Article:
Adolescents and Teen Depression
The school year is well underway, and stress levels are on the increase with the kids. Do you ever wonder whether your irritable or unhappy adolescent might be experiencing teen depression? Of course, most teens feel unhappy at times. And when you add hormone havoc to the many other changes happening in a teen’s life, it’s easy to see why their moods swing like a pendulum. Yet findings show that one out of every eight adolescents have teen depression. But depression can be treated as well as the serious problems that come with it. So, if your teen’s unhappiness lasts for more than two weeks and he or she displays other symptoms of depression, it may be time to seek help from a health professional.
Why Do Anolescents get Depression?
There are multiple reasons why a teenager might become depressed. For example, teens can develop feelings of worthlessness and inadequacy over their grades. School performance, social status with peers, sexual orientation, or family life can each have a major effect on how a teen feels. Sometimes, teen depression may result from environmental stress. But whatever the cause, when friends or family – or things that the teen usually enjoys – don’t help to improve his or her sadness or sense of isolation, there’s a good chance that he or she has teen depression.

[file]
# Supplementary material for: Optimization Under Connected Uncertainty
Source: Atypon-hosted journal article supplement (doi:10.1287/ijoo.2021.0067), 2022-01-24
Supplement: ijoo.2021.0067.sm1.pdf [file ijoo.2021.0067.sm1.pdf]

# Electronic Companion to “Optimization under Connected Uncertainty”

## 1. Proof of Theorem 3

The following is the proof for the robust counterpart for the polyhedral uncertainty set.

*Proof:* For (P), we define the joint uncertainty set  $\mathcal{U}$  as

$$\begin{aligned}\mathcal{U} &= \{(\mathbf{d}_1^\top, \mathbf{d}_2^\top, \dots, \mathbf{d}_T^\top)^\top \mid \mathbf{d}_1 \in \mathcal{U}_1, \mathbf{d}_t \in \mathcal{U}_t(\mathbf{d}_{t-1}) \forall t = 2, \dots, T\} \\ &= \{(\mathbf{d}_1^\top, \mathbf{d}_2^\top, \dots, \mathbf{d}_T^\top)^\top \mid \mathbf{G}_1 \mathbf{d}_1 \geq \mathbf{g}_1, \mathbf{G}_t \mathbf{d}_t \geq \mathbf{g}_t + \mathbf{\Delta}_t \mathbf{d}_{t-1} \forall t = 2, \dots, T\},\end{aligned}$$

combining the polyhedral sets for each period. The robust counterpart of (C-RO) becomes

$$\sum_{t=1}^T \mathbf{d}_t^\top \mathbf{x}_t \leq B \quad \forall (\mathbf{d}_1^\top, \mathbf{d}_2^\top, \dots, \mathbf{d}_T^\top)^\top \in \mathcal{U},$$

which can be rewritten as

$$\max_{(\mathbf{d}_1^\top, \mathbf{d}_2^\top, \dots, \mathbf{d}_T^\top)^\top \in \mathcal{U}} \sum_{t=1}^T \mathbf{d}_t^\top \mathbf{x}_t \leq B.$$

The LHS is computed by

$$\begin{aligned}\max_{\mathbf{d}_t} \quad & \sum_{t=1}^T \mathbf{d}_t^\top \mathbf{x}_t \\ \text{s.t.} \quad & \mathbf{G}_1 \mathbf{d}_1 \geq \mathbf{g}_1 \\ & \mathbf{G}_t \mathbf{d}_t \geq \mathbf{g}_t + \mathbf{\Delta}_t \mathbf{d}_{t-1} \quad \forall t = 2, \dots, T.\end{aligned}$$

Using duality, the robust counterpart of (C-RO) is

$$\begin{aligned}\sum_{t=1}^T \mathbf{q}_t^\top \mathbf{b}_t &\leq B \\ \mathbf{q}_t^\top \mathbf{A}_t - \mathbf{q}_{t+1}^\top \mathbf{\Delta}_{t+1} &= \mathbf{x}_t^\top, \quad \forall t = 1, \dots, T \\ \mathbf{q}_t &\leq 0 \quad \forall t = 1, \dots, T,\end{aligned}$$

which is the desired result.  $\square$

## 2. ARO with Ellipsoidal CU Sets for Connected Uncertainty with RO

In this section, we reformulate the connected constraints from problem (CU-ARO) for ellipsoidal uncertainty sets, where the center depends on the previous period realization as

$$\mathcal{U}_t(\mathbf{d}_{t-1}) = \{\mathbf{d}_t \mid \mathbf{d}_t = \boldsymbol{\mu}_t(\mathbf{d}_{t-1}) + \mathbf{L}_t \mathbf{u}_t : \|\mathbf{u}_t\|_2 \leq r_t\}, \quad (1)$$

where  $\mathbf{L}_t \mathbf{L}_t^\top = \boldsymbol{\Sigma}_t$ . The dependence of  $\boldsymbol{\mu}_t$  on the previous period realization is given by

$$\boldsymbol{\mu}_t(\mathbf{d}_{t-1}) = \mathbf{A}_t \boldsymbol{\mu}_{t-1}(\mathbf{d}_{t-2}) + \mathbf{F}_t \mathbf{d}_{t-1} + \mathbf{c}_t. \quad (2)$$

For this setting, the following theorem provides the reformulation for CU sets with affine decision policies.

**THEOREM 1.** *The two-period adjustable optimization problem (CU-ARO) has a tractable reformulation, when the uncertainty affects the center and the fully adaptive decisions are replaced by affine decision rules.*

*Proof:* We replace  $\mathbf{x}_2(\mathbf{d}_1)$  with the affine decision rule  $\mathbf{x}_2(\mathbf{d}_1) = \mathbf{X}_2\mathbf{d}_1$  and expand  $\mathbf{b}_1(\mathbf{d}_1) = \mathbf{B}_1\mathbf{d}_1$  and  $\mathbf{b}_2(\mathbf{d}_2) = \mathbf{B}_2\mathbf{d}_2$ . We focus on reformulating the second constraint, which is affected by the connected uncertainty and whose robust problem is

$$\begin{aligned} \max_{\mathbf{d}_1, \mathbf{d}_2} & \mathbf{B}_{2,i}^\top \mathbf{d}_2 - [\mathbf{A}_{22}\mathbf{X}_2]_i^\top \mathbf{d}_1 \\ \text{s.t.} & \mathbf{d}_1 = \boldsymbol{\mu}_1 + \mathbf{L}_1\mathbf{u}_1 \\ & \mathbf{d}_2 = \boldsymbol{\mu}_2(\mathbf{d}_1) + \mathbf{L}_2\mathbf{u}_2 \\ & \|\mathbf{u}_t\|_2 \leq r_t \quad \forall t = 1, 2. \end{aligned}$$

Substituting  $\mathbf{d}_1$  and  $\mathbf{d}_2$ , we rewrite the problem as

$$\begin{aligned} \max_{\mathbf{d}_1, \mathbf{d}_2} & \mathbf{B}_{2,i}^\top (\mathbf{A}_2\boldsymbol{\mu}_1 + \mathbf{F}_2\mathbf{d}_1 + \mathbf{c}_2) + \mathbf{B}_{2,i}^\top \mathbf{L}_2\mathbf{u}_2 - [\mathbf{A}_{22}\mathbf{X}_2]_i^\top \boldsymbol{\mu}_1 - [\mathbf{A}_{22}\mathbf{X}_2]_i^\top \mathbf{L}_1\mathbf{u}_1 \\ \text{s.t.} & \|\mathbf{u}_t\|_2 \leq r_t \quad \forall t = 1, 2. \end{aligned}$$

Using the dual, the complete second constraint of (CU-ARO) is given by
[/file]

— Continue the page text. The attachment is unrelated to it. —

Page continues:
What Are the Symptoms of Teen Depression?
Often, kids with teen depression will have a noticeable change in their thinking and behavior. They may not be motivated and even become withdrawn, closing their bedroom door after school and staying in their room for hours.
Kids with teen depression may sleep excessively, have a change in eating habits, and may even exhibit criminal behaviors such as DUI or shoplifting. Here are more signs of depression in adolescents even though they may or may not show all signs:
- Complaints of pains, including headaches, stomach aches, low back pain, or fatigue
- Difficultly concentrating
- Difficulty making decisions
- Excessive or inappropriate guilt
- Irresponsible behavior—for example, forgetting obligations, being late for classes, skipping school.
- Loss of interest in food or compulsive overeating that results in rapid wight loss or gain
- Memory loss
- Preoccupation with death and dying
- Rebellious behavior
- Sadness, anxiety, or a feeling of hopelessness
- Staying awake at night and sleeping during the day
- Sudden drop in grades
- Use of alcohol or drugs and promiscuous sexual activity
- Withdrawal from friends